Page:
Our second volunteer outreach group, Groundwork USA, consisted of a crew of nine high school students and two leaders, with participants hailing from Dallas and Indianapolis. After completing a brief training, the group surveyed several lakes for Common Loons. All of the crew members observed and witnessed a loon call for the first time, and even watched a loon act territorially towards a hawk and an osprey at Winona Lake!
Given the obstacles presented this summer, Citizen Science Program volunteers and staff were able to accomplish a remarkable amount of fieldwork. Despite having only a fraction of the volunteer force we see in typical years, we were able to reach every single designated goat and loon field site in 2020, visiting many of those on multiple occasions.
A mountain goat stands on its back legs, front legs kicking the air. A goat below walks by.
Who says goats can't dance? These mountain goats were photographed during a mountain goat survey this summer.

NPS Photo/Jessi Mejia

In total, 162 mountain goat and bighorn sheep surveys were conducted by 62 volunteers. Pitamakin Pass revealed the highest count of bighorn sheep in a single survey with 12 individuals, while the Nyack Beaver Woman Lake site hosted a high count of 24 mountain goats in a single survey. In all, 320 mountain goats and 80 bighorn sheep were spotted across all survey sites in 2020.

This season’s Common Loon population produced nine chicks at six different lakes. Volunteers also saw loons on several unexpected lakes, such as Grinnell Lake, Lower Two Medicine Lake, and Lake Ellen Wilson. Nesting occurred on lakes where we have documentation of previous nesting success. After compiling nesting histories, we determined nesting has occurred at 17 lakes within the park, and six lakes outside the park since 2006.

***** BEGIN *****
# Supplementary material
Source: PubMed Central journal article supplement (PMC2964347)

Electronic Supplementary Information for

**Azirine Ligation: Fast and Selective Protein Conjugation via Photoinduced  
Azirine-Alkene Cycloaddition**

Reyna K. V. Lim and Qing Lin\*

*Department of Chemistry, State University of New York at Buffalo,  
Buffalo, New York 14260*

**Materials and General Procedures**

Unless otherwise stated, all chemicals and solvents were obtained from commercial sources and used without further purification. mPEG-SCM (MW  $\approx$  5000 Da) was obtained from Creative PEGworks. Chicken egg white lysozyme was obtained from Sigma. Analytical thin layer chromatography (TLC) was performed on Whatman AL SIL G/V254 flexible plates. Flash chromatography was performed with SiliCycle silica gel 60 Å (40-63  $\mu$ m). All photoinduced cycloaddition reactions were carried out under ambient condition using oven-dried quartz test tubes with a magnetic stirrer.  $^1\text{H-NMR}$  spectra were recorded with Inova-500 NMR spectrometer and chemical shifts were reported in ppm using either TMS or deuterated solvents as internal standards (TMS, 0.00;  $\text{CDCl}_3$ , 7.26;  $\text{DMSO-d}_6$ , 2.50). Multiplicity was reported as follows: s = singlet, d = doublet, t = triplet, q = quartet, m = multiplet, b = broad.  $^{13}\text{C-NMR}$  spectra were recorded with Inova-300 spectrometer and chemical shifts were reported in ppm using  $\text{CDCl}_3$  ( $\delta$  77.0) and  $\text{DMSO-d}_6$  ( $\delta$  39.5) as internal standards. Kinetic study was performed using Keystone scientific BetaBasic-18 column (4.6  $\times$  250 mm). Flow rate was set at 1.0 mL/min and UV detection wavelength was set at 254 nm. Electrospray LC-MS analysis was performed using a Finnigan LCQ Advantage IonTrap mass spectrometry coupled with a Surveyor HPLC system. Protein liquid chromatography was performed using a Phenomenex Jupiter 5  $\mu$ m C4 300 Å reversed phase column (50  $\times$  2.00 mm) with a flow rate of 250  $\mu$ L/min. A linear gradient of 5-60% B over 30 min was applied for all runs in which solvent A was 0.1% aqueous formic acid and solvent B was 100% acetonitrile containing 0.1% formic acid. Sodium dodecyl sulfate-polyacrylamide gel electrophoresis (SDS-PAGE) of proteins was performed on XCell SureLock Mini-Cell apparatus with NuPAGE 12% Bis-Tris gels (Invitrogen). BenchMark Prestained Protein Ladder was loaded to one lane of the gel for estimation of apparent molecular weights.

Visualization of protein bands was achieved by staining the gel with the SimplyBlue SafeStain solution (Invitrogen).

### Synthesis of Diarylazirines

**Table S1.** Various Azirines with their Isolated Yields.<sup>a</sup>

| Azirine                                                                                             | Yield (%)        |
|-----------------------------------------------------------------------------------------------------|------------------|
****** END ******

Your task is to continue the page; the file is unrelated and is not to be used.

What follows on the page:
In addition to our Common Loon surveys, staff deployed four remote cameras around known nesting sites, attempting to capture time-lapse photos of nest disturbances. The cameras were installed in the spring while the park was closed to the public–when the chance of human disturbance was minimal. While the camera batteries died prior to hatch dates at several lakes, the cameras captured evidence of both hawks and eagles perched on, or near, nests at two different lakes.
This summer, in addition to our recently developed survey app for the Common Loon Project, a new draft survey app was released for mountain goat and bighorn sheep surveys. Volunteers piloted the app in the field, helping us address questions and quirks. This feedback provides essential information and ensures the app functions as an effective and user-friendly data collection tool. Survey123 has also created the opportunity for us to more accurately pinpoint wildlife observations geographically, opening doors for new data analysis in the future.

This fall, as we moved into migration season and cooler autumn weather, trained VIP’s finished out the field season with the annual Hawkwatch Citizen Science Project. Volunteers made the first trek up to the Mount Brown Hawk Watch site on September 10 and counted a total of 1,450 migrating Golden Eagles by October 15, when snow piles of over two feet made surveys somewhat challenging! The highest single day count was on October 2 with 316 Golden Eagles!

At the Lake McDonald Lodge Hawk Watch site, dedicated observers, including many who have been counting eagles at this site for several decades, observed 412 golden eagles starting on September 22 to date. The highlight occurred on October 20–a day that the sun finally broke out after significant snow storms–when volunteers and staff documented 173 Golden Eagles making their way to warmer southern locations.

We extend our gratitude to the dedicated VIP’s and park staff that participated this summer, and greatly look forward to welcoming our full assemblage of citizen scientists back to the park next summer!